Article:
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From Collins:


If you say that someone can't hack it or couldn't hack it, you mean that they do not or did not have the qualities needed to do a task or cope with a situation.


You have to be strong and confident, and never give the slightest impression that you can't hack it.


COBUILD Advanced English Dictionary. Copyright © HarperCollins Publishers

Is it only a variation of "(can't) cut it" or does it trace its roots back to another place?

  • 2
    it's astonishing you did not realize that: the image you posted was tremendously too large beyond social norms.
    – Fattie
    Sep 26, 2017 at 20:29
  • It's a phone screenshot. I was in a pinch.
    – Daniel
    Sep 27, 2017 at 8:13
  • Copy and paste the definition? Screen readers, i.e. the programme used by many blind or people whose eyesight is severely impaired, do not read images.
    – Mari-Lou A
    Sep 27, 2017 at 10:33
  • I would say there's about a 50% chance that the term is derived from American baseball (or possibly British cricket).
    – Hot Licks
    Mar 11, 2019 at 0:08

2 Answers 2


This is just a quick answer:

To be the mustard = to be special (circa 1903)

To cut the mustard = to succeed (1907)

To cut it = to succeed (once the previous idiom was established)

To hack it = to cope (circa 1955)


The expression appears to be an AmE one from the ‘50s. The Phrase Finder suggests a possible derivation from an earlier and even more mysterious expression “can’t cut the musturd” with the same meaning:

Can’t hack it :

  • Slang sense of "cope with" (as in can't hack it) is first recorded in American English 1955.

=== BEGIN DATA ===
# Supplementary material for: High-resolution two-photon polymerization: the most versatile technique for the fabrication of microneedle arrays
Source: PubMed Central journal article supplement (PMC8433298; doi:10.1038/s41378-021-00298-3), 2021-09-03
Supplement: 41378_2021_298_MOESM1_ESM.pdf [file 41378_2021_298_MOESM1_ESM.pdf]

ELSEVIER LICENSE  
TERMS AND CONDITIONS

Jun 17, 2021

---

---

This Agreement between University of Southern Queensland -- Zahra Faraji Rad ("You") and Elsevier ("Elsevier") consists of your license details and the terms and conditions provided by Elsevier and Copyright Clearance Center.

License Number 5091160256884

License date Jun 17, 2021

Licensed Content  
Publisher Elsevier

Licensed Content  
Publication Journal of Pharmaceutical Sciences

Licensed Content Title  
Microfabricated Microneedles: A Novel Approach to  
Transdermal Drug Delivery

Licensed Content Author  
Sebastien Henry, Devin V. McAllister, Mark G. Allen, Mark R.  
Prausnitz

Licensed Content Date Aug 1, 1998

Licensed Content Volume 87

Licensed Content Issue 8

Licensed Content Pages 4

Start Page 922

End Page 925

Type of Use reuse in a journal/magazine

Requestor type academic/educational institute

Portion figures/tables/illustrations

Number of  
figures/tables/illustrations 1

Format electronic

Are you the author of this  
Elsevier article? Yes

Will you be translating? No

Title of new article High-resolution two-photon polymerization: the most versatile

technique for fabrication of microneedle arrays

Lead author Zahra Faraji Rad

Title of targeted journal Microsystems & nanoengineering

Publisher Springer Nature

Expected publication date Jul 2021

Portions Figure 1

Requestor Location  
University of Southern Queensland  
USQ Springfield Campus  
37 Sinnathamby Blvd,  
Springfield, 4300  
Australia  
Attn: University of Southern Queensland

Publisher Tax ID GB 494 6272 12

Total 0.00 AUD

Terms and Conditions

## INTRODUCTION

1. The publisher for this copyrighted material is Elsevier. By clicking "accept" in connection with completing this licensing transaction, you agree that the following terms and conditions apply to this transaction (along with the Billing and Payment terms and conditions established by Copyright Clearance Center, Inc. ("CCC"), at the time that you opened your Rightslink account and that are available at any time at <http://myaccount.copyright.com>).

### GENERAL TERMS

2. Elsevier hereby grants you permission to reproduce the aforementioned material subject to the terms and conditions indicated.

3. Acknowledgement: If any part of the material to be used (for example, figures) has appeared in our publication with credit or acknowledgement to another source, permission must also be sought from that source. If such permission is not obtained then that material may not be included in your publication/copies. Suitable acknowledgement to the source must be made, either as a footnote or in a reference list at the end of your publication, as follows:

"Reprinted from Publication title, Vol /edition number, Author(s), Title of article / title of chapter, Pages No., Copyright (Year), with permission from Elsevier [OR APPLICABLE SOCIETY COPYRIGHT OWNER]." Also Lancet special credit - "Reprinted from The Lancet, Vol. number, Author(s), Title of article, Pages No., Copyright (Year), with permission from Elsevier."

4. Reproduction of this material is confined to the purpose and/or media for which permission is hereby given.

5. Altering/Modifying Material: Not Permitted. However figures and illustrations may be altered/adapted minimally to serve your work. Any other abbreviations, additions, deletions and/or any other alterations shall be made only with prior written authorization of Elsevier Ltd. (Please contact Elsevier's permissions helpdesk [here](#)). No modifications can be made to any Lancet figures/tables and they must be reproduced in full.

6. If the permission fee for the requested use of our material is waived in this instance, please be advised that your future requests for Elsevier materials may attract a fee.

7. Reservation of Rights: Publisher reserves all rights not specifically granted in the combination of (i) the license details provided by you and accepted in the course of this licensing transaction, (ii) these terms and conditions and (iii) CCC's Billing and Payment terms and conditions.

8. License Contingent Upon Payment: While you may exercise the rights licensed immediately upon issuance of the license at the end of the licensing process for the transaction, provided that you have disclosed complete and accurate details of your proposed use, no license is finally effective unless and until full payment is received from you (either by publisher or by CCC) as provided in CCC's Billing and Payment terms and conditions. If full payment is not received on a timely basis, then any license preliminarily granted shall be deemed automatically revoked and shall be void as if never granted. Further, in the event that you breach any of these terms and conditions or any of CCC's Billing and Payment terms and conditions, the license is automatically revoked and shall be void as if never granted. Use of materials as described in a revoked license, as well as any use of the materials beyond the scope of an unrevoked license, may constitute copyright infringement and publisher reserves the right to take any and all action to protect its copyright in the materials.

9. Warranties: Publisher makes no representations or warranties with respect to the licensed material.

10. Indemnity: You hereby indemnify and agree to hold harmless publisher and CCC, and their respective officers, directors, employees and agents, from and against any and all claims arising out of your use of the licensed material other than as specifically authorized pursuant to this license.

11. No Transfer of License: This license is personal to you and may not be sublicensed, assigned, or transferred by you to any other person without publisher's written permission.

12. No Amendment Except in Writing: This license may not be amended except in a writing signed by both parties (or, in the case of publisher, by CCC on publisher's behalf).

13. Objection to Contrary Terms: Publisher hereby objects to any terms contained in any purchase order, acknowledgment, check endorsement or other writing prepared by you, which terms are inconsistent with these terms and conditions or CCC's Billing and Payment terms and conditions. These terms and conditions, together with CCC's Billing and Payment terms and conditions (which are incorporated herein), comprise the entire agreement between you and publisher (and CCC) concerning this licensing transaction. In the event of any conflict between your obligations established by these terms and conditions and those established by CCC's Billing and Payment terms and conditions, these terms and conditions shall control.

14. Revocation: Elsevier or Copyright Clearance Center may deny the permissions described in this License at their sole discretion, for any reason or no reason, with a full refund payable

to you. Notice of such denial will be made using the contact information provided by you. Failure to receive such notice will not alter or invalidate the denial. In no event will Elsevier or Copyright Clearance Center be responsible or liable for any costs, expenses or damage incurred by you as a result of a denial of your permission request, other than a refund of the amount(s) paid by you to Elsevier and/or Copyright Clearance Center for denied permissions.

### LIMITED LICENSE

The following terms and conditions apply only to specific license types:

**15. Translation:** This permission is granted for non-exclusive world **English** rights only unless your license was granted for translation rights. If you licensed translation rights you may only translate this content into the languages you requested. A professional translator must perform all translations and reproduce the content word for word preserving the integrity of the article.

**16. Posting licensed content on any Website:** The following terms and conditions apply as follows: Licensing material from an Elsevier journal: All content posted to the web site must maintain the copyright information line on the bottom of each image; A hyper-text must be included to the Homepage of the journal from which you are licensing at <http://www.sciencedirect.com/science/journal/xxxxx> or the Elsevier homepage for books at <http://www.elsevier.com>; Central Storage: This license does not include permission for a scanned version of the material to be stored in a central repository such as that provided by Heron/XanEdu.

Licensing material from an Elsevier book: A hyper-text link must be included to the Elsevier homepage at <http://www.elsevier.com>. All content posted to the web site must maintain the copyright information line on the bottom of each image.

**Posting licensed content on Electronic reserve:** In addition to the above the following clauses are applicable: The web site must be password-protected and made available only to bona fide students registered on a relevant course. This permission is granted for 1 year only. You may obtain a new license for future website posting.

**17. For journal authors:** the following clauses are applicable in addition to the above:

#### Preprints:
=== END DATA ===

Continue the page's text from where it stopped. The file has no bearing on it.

From the Phrase Finder:

The Oxford English Dictionary, after giving the principle uses of "hack", such as chop or chop at, mutilate with jagged strokes, give us this:

d) To cope with, manage, accomplish; to tolerate, accept; to comprehend; freq. to hack it. slang (orig. U.S.):

  • : 1955 Antioch Rev. XV. 379, I can't hack something like stealing.. .

If, as seems likely, "can't hack it" originated as American slang in the 1940s or '50s, it probably was introduced as a variation on "can't cut it" (with the same meaning). The it in "can't cut it" is the mustard; and the phrase "cut the mustard" is wreathed in mysteries as well.

Also, from dailywritingtips:

  • One school of thought is that hack simply derives from an Old High German word that refers to chopping. (A short, sharp cough is also called a hack.) From that meaning, it derived the figurative sense of crudely or ruthlessly working on something and then of simply toiling; by extension, the word was applied to being able or unable to manage or tolerate something: The now-rare expression “You just can’t hack it” expressed this idea.
  • great answer thanks. (1) "The now-rare expression" what the hell are they talking about? (2) "A short, sharp cough is also called a hack." - why did they add that parenthesis? It has nothing, whatsoever, to do with anything under discussion. Bizarre
    – Fattie
    Sep 26, 2017 at 20:30
  • You're saying it's not at all rare, right?
    – Daniel
    Sep 27, 2017 at 8:14

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